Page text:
As Cassell’s presence on Etsy began to expand, so too did her studio business. After a soft launch in 2011, she got serious about her studio tie-dyeing business in 2013, when she incorporated Roll Up N Dye and moved to her current Columbia studio on Red Branch Road.
Lately, she’s been re-evaluating the focus of her business. Initially, she says, “I was trying to figure out how everyone could be my customer,” she says. However, she has started to see that being all things to all potential customers isn’t practical or possible.
Cassell’s favorite part of the business is teaching, she says, so lately she’s been spending more time hosting tie-dyeing workshops at her studio. These hands-on events are frequently more than just art classes; many become unique team building experiences for assemblages ranging from youth sports teams to employee groups.
Scott Habicht, director of support at SparkPost, an email infrastructure delivery provider, does his best to put together creative bonding sessions for the staff, some of whom hail from as far as China, Italy and England. Recently, he hosted about 40 employees of the Columbia-based firm at Cassell’s studio. The tie-dyeing outing, he says, has gotten better reviews than go-carting, video games and bowling.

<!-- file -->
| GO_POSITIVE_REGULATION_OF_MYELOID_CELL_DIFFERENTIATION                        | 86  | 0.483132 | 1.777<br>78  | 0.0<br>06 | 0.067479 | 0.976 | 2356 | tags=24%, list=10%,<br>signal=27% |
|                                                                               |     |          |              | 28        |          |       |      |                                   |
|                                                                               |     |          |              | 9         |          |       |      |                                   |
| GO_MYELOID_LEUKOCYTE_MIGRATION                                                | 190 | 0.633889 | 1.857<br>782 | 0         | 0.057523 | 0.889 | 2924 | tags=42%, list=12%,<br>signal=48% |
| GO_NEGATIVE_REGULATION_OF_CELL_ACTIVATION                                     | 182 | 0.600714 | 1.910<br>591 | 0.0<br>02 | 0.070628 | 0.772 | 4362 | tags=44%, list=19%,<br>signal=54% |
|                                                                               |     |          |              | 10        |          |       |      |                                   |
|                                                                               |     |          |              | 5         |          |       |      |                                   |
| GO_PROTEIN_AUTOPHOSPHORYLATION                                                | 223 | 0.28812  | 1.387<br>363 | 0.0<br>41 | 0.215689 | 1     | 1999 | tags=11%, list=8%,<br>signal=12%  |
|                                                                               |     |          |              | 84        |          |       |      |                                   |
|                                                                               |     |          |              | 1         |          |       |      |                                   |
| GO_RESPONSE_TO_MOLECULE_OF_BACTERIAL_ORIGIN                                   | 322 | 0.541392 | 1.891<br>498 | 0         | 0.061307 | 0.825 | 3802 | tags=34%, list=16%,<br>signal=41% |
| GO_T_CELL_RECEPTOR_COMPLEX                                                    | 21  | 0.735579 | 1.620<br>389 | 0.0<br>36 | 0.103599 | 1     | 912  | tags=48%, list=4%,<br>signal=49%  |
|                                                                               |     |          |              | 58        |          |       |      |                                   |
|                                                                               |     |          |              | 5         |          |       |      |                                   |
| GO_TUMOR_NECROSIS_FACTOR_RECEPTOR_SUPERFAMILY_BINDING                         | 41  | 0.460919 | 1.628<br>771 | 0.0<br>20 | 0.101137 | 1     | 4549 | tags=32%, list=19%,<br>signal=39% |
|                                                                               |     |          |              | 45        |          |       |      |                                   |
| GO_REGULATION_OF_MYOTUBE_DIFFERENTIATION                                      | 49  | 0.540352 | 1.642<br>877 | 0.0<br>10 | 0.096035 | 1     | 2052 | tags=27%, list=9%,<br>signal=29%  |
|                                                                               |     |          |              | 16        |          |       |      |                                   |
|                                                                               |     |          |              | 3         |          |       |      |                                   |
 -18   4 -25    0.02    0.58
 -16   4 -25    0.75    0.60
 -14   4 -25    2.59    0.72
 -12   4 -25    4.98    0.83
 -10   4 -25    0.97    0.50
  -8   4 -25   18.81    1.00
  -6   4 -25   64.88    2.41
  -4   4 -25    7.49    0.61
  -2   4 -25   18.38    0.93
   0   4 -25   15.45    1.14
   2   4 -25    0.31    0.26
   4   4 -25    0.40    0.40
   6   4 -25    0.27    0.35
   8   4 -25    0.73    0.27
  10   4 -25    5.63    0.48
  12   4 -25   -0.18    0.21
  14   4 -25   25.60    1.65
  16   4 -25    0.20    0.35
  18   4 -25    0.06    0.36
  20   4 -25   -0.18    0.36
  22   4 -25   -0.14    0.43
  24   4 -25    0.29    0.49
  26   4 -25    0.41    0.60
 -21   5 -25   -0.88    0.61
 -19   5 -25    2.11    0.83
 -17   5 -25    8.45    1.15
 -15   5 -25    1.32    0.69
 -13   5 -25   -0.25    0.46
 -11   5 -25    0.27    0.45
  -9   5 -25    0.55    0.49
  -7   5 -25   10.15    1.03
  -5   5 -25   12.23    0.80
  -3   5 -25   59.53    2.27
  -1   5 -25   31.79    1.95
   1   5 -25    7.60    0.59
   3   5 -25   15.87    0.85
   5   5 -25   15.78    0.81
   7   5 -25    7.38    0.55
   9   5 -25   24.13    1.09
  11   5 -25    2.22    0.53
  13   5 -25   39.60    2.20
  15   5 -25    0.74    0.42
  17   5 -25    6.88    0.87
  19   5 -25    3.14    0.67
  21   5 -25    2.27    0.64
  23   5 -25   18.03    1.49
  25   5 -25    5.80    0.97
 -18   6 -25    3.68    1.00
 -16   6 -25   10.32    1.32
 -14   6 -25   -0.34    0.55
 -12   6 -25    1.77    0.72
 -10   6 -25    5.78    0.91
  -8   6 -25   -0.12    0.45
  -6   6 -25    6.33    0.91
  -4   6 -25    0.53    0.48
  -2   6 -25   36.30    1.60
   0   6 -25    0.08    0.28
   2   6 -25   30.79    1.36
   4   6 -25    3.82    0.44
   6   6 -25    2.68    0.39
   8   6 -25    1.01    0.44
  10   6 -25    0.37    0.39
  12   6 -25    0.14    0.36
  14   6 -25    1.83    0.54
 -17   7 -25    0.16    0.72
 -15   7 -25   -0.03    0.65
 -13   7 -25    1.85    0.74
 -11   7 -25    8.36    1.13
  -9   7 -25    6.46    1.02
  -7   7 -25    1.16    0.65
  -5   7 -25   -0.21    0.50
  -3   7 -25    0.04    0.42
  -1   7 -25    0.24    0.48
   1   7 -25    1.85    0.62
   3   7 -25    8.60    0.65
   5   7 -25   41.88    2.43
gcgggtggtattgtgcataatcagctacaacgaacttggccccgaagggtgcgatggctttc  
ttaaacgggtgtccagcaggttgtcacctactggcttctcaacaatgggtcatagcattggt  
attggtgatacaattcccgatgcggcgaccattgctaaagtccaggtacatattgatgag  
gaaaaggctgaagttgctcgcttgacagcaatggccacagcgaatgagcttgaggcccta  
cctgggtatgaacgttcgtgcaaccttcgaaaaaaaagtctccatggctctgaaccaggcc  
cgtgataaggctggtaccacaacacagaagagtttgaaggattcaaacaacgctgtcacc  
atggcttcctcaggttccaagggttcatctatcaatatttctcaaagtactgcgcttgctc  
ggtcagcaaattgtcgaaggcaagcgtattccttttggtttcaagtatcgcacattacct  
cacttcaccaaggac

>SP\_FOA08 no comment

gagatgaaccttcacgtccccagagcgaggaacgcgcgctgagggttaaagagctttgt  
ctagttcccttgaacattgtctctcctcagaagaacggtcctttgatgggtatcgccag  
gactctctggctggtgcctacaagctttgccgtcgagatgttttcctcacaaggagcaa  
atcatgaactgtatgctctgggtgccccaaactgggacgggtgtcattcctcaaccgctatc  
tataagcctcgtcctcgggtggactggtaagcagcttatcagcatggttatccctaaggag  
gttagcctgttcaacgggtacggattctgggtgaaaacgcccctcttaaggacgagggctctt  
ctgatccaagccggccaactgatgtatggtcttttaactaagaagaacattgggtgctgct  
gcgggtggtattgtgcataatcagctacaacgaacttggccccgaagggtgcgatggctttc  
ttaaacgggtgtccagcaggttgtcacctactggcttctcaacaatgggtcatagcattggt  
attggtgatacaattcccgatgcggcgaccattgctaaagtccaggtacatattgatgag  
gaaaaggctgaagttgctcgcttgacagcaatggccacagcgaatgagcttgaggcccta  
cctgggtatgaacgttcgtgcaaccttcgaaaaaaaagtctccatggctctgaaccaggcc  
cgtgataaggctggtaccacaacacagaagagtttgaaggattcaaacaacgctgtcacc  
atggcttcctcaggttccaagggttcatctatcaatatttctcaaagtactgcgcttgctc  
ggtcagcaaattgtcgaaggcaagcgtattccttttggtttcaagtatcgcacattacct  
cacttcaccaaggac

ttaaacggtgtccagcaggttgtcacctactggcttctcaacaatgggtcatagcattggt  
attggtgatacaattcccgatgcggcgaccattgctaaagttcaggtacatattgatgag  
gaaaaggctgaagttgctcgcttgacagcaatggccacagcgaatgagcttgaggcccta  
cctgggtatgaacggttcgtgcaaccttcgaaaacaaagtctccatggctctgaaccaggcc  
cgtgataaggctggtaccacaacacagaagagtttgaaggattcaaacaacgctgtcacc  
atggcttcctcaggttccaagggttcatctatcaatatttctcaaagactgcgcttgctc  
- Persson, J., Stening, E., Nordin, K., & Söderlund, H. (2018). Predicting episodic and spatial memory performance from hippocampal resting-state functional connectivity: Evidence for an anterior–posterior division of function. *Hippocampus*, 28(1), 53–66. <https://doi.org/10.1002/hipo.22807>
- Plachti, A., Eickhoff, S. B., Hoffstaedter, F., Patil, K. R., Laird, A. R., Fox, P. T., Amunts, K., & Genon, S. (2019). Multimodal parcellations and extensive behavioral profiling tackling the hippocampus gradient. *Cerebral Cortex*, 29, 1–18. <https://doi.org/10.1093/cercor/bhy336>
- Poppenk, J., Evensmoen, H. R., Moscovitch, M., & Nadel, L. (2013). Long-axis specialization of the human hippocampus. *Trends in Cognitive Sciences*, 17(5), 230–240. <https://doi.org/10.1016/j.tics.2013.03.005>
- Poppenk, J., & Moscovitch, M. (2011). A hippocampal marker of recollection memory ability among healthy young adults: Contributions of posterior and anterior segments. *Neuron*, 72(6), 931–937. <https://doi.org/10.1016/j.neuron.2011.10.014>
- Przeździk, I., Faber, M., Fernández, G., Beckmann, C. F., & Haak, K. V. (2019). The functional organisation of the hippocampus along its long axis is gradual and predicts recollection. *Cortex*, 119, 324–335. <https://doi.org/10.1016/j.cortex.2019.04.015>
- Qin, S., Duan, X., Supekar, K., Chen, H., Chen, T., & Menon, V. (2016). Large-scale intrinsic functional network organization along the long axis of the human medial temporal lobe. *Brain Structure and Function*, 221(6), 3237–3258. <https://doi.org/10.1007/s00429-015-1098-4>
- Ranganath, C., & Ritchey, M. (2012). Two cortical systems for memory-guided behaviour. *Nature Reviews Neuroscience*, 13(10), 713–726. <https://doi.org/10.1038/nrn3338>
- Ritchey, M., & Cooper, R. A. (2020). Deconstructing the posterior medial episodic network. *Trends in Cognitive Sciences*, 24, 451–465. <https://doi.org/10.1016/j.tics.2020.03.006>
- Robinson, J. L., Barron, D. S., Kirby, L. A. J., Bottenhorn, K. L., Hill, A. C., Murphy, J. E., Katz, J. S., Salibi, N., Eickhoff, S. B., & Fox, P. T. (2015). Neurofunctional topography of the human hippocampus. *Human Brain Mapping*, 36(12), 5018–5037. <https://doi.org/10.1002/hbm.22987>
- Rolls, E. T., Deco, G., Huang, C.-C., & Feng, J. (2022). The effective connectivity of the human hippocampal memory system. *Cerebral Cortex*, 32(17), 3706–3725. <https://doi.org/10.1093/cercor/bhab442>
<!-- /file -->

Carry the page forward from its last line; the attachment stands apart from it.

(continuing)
“The overwhelming reception was fantastic,” he reports. “Everybody really loved doing it.” In addition to creating tie-dye shirts for themselves, employees also made bandanas and decorated cards with handwritten notes for pediatric patients at John Hopkins Children’s Center, where Cassell volunteers.
Cassell says she likes to infuse a little community service into her business, a habit that began when she was a child. In fact, it was working on a volunteer project in middle school that Cassell first encountered the pun that would eventually become her brand.
“We were driving through a town and I saw a hair salon called Curl Up and Dye,” she says. “It made me laugh so hard.” The name, if not the business idea, stuck.